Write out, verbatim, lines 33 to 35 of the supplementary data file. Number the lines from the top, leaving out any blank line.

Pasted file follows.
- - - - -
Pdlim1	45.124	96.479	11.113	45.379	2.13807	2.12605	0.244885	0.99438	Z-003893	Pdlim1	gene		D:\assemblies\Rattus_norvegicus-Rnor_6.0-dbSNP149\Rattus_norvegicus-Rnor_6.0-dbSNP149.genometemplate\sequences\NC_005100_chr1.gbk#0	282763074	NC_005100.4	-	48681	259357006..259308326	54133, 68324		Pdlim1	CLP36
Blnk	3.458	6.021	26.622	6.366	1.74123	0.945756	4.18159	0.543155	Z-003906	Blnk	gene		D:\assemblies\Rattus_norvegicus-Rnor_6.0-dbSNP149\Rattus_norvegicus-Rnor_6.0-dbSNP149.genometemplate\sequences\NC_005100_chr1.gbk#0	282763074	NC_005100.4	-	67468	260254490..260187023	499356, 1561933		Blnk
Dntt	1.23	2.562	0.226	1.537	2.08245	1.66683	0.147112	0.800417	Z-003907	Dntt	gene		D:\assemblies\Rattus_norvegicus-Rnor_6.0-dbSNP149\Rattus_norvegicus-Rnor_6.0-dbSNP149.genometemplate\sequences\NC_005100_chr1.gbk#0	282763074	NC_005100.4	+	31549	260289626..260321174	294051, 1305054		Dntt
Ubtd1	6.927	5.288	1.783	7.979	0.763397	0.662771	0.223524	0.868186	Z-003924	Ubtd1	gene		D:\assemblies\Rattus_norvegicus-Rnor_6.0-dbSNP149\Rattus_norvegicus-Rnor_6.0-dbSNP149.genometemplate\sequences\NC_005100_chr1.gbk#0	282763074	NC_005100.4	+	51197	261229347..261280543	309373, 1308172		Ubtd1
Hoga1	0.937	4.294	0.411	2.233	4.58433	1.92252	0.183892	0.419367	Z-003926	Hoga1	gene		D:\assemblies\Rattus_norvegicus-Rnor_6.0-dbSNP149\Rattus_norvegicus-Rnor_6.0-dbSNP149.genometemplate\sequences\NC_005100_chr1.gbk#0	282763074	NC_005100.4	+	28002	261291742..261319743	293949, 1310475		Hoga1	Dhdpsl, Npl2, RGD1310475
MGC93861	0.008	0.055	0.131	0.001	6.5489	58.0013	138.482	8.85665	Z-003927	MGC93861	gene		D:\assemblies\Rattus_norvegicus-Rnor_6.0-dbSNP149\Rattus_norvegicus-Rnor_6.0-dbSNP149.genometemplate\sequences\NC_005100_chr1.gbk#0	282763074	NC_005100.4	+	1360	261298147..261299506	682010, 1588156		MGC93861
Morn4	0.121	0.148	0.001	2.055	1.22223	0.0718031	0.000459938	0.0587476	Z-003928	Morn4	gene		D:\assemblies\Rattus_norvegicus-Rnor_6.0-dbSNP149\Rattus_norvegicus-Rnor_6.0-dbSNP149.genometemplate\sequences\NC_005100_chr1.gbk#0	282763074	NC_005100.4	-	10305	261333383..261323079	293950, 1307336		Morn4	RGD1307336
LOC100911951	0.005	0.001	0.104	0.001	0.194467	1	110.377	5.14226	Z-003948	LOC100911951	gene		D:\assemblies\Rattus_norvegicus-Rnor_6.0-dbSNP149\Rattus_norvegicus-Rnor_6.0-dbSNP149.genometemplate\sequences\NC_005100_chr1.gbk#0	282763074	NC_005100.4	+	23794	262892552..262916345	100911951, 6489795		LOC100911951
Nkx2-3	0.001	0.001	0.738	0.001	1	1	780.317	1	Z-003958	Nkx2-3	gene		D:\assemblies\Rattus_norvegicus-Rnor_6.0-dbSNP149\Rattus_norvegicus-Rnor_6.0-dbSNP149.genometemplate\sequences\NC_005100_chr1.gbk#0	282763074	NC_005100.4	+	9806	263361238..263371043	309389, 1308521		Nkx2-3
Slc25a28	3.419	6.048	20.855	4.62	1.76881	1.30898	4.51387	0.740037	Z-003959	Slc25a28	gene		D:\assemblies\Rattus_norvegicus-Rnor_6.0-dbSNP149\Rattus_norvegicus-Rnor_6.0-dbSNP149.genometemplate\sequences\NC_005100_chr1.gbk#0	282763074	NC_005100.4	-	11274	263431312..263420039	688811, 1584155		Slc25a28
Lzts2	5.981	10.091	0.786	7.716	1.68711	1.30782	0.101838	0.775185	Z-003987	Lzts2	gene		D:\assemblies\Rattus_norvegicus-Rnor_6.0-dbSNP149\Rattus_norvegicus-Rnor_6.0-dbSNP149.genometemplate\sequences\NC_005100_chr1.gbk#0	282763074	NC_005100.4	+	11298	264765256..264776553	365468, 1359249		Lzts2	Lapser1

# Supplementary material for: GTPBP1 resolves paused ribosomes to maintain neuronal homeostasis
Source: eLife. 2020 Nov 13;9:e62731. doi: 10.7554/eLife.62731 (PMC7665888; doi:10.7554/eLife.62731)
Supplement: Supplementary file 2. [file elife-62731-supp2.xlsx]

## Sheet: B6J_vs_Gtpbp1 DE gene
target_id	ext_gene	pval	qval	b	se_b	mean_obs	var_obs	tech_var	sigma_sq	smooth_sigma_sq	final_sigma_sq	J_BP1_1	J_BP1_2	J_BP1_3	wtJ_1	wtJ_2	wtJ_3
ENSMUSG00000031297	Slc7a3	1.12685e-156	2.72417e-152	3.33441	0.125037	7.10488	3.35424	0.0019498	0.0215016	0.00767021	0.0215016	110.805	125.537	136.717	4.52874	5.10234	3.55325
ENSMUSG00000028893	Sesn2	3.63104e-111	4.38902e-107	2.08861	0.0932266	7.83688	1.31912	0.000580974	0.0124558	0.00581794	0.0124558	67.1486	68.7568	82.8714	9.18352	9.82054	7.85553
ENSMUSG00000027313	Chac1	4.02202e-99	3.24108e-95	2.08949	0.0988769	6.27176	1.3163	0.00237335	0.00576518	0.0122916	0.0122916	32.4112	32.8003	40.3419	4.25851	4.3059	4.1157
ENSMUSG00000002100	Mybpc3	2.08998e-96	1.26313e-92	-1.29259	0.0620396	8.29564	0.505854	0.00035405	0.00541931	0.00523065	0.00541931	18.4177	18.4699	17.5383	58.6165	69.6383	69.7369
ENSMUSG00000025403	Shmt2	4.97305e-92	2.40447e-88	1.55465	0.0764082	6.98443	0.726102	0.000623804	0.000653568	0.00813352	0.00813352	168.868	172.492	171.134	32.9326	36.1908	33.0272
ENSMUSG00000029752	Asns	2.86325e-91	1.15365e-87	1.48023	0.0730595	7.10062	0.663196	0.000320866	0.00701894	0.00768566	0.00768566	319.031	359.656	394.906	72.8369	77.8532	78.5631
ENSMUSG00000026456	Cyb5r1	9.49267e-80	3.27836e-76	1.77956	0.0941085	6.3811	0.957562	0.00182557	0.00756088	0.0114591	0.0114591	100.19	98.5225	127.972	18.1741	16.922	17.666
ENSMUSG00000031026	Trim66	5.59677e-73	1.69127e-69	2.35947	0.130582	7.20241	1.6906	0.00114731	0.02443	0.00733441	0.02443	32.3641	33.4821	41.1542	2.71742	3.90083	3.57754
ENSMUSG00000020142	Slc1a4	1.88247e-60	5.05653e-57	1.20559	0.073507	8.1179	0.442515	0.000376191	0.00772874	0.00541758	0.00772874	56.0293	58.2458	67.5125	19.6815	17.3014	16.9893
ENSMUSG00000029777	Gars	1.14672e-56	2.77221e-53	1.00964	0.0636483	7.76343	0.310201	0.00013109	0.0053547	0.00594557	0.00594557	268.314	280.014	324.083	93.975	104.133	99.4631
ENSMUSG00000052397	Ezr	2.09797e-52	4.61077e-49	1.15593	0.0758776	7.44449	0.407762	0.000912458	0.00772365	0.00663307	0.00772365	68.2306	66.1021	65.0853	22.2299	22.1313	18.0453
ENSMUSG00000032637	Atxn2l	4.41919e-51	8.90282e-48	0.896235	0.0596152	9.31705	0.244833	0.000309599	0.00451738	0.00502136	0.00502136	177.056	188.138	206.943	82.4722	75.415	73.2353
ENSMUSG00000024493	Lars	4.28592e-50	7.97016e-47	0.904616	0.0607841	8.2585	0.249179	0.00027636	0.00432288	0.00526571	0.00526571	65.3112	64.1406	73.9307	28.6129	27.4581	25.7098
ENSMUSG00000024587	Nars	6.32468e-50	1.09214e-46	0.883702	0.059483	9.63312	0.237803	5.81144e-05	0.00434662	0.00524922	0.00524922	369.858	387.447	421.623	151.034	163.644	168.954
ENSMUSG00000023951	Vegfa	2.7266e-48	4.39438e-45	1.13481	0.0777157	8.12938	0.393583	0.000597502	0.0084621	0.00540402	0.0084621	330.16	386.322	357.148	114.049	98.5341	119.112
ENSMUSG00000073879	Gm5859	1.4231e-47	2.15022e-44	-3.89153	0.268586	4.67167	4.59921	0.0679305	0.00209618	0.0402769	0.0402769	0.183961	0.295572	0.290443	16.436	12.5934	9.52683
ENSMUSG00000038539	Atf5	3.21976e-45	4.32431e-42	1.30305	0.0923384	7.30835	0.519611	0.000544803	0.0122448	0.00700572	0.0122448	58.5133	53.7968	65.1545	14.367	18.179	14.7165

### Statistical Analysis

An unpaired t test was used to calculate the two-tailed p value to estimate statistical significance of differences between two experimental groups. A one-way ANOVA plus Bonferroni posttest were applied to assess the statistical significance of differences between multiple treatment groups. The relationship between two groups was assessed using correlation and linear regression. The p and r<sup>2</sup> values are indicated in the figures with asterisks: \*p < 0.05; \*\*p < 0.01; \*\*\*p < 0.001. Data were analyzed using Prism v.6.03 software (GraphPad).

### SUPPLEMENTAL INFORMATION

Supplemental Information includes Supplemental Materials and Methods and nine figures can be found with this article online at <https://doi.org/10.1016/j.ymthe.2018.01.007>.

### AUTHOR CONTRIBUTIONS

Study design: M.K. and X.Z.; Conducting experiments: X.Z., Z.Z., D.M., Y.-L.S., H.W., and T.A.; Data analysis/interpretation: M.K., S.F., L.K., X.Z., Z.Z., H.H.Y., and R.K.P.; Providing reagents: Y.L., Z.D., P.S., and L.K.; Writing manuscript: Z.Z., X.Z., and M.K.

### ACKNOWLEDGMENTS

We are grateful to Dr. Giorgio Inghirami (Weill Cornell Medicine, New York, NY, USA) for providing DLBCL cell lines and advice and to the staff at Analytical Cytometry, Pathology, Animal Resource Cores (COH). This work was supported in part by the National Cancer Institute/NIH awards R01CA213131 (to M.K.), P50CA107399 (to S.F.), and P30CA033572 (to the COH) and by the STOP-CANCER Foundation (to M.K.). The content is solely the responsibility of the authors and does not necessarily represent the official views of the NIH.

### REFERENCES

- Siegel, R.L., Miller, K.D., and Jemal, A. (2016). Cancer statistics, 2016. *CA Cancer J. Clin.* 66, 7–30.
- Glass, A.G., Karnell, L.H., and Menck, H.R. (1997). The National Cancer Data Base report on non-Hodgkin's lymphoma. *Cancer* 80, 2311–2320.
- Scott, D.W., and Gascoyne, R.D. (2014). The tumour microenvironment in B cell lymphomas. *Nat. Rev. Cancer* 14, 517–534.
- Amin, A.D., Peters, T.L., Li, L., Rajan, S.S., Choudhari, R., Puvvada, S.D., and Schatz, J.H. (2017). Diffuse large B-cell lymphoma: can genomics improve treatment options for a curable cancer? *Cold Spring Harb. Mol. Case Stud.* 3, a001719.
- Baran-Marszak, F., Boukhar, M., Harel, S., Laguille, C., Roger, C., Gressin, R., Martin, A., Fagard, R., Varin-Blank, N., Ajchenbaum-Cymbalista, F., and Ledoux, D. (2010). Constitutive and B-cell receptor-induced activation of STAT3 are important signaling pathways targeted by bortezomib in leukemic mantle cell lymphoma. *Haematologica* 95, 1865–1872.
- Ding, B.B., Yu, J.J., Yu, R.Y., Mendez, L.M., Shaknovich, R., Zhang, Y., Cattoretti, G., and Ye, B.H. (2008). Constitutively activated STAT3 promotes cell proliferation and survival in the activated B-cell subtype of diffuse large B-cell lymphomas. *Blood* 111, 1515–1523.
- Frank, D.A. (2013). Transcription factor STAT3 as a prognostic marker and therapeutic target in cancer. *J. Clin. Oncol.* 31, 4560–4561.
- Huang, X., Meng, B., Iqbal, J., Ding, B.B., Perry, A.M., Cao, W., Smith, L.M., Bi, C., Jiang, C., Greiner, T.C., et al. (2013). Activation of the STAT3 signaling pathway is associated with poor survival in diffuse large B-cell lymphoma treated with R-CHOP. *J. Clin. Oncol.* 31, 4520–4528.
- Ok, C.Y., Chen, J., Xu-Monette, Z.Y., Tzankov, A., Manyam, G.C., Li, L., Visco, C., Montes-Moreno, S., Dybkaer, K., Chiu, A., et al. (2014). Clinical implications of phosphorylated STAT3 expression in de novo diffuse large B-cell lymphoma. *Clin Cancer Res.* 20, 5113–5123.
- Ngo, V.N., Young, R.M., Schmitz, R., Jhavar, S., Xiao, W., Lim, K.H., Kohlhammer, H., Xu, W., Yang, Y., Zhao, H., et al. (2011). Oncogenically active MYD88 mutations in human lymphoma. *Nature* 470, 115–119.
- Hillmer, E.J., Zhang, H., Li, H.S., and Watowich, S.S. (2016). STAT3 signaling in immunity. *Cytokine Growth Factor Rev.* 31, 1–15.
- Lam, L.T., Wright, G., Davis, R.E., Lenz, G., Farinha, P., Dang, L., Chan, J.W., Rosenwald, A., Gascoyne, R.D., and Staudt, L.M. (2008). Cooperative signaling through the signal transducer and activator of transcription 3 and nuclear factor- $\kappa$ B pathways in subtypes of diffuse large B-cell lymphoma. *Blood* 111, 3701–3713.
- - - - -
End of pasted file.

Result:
ENSMUSG00000038539	Atf5	3.21976e-45	4.32431e-42	1.30305	0.0923384	7.30835	0.519611	0.000544803	0.0122448	0.00700572	0.0122448	58.5133	53.7968	65.1545	14.367	18.179	14.7165

### Statistical Analysis

An unpaired t test was used to calculate the two-tailed p value to estimate statistical significance of differences between two experimental groups. A one-way ANOVA plus Bonferroni posttest were applied to assess the statistical significance of differences between multiple treatment groups. The relationship between two groups was assessed using correlation and linear regression. The p and r<sup>2</sup> values are indicated in the figures with asterisks: \*p < 0.05; \*\*p < 0.01; \*\*\*p < 0.001. Data were analyzed using Prism v.6.03 software (GraphPad).